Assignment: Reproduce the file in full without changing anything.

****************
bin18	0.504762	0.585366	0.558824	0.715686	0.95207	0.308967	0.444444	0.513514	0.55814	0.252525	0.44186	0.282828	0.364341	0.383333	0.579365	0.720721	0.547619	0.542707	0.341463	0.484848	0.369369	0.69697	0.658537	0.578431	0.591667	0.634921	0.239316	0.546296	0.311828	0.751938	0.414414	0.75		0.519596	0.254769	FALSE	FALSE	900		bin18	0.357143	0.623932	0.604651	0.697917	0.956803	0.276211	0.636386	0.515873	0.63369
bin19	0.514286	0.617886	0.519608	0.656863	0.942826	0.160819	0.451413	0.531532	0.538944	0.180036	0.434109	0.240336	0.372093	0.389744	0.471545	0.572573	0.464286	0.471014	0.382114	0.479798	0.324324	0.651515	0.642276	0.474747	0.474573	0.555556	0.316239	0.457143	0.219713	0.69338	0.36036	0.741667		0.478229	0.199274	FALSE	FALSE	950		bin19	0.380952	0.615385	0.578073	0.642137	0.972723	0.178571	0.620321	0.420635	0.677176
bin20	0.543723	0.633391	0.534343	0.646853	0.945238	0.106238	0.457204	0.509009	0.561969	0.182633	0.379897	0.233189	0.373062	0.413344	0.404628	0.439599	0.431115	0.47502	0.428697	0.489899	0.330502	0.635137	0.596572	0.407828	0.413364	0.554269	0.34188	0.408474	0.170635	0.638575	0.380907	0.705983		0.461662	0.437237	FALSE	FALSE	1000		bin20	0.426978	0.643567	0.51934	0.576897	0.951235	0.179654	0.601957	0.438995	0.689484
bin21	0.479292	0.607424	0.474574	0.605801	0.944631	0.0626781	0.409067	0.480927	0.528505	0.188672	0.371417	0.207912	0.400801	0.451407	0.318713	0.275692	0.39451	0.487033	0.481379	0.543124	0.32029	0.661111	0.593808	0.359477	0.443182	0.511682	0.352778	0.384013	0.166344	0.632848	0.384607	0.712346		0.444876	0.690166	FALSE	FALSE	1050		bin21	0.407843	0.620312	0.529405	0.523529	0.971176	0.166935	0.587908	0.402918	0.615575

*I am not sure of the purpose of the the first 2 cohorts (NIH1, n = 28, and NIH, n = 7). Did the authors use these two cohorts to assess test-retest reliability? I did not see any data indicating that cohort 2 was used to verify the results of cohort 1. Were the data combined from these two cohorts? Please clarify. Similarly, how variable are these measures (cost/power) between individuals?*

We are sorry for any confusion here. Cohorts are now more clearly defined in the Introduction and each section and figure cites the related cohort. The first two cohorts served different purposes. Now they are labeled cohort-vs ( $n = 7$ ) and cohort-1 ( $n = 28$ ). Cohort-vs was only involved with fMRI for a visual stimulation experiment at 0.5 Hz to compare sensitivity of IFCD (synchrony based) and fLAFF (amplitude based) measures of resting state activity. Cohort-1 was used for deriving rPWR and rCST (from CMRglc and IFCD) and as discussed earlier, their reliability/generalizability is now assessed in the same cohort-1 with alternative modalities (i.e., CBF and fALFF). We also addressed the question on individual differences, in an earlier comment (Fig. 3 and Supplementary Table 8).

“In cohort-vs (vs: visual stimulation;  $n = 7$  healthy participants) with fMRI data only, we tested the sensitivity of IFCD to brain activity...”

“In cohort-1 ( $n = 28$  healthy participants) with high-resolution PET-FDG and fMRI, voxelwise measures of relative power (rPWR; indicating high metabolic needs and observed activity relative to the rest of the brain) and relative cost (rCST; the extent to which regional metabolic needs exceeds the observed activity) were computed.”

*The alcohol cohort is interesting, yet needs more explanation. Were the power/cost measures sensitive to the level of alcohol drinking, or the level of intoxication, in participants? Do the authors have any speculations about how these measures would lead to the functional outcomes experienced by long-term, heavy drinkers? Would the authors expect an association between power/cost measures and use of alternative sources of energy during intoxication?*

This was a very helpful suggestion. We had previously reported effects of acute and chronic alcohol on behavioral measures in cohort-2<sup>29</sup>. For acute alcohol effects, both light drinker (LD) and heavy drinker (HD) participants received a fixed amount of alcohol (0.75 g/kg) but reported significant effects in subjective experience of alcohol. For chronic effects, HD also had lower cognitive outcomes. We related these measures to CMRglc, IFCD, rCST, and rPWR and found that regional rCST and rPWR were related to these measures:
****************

bin18	0.504762	0.585366	0.558824	0.715686	0.95207	0.308967	0.444444	0.513514	0.55814	0.252525	0.44186	0.282828	0.364341	0.383333	0.579365	0.720721	0.547619	0.542707	0.341463	0.484848	0.369369	0.69697	0.658537	0.578431	0.591667	0.634921	0.239316	0.546296	0.311828	0.751938	0.414414	0.75		0.519596	0.254769	FALSE	FALSE	900		bin18	0.357143	0.623932	0.604651	0.697917	0.956803	0.276211	0.636386	0.515873	0.63369
bin19	0.514286	0.617886	0.519608	0.656863	0.942826	0.160819	0.451413	0.531532	0.538944	0.180036	0.434109	0.240336	0.372093	0.389744	0.471545	0.572573	0.464286	0.471014	0.382114	0.479798	0.324324	0.651515	0.642276	0.474747	0.474573	0.555556	0.316239	0.457143	0.219713	0.69338	0.36036	0.741667		0.478229	0.199274	FALSE	FALSE	950		bin19	0.380952	0.615385	0.578073	0.642137	0.972723	0.178571	0.620321	0.420635	0.677176
bin20	0.543723	0.633391	0.534343	0.646853	0.945238	0.106238	0.457204	0.509009	0.561969	0.182633	0.379897	0.233189	0.373062	0.413344	0.404628	0.439599	0.431115	0.47502	0.428697	0.489899	0.330502	0.635137	0.596572	0.407828	0.413364	0.554269	0.34188	0.408474	0.170635	0.638575	0.380907	0.705983		0.461662	0.437237	FALSE	FALSE	1000		bin20	0.426978	0.643567	0.51934	0.576897	0.951235	0.179654	0.601957	0.438995	0.689484
bin21	0.479292	0.607424	0.474574	0.605801	0.944631	0.0626781	0.409067	0.480927	0.528505	0.188672	0.371417	0.207912	0.400801	0.451407	0.318713	0.275692	0.39451	0.487033	0.481379	0.543124	0.32029	0.661111	0.593808	0.359477	0.443182	0.511682	0.352778	0.384013	0.166344	0.632848	0.384607	0.712346		0.444876	0.690166	FALSE	FALSE	1050		bin21	0.407843	0.620312	0.529405	0.523529	0.971176	0.166935	0.587908	0.402918	0.615575

*I am not sure of the purpose of the the first 2 cohorts (NIH1, n = 28, and NIH, n = 7). Did the authors use these two cohorts to assess test-retest reliability? I did not see any data indicating that cohort 2 was used to verify the results of cohort 1. Were the data combined from these two cohorts? Please clarify. Similarly, how variable are these measures (cost/power) between individuals?*

We are sorry for any confusion here. Cohorts are now more clearly defined in the Introduction and each section and figure cites the related cohort. The first two cohorts served different purposes. Now they are labeled cohort-vs ( $n = 7$ ) and cohort-1 ( $n = 28$ ). Cohort-vs was only involved with fMRI for a visual stimulation experiment at 0.5 Hz to compare sensitivity of IFCD (synchrony based) and fLAFF (amplitude based) measures of resting state activity. Cohort-1 was used for deriving rPWR and rCST (from CMRglc and IFCD) and as discussed earlier, their reliability/generalizability is now assessed in the same cohort-1 with alternative modalities (i.e., CBF and fALFF). We also addressed the question on individual differences, in an earlier comment (Fig. 3 and Supplementary Table 8).

“In cohort-vs (vs: visual stimulation;  $n = 7$  healthy participants) with fMRI data only, we tested the sensitivity of IFCD to brain activity...”

“In cohort-1 ( $n = 28$  healthy participants) with high-resolution PET-FDG and fMRI, voxelwise measures of relative power (rPWR; indicating high metabolic needs and observed activity relative to the rest of the brain) and relative cost (rCST; the extent to which regional metabolic needs exceeds the observed activity) were computed.”

*The alcohol cohort is interesting, yet needs more explanation. Were the power/cost measures sensitive to the level of alcohol drinking, or the level of intoxication, in participants? Do the authors have any speculations about how these measures would lead to the functional outcomes experienced by long-term, heavy drinkers? Would the authors expect an association between power/cost measures and use of alternative sources of energy during intoxication?*

This was a very helpful suggestion. We had previously reported effects of acute and chronic alcohol on behavioral measures in cohort-2<sup>29</sup>. For acute alcohol effects, both light drinker (LD) and heavy drinker (HD) participants received a fixed amount of alcohol (0.75 g/kg) but reported significant effects in subjective experience of alcohol. For chronic effects, HD also had lower cognitive outcomes. We related these measures to CMRglc, IFCD, rCST, and rPWR and found that regional rCST and rPWR were related to these measures: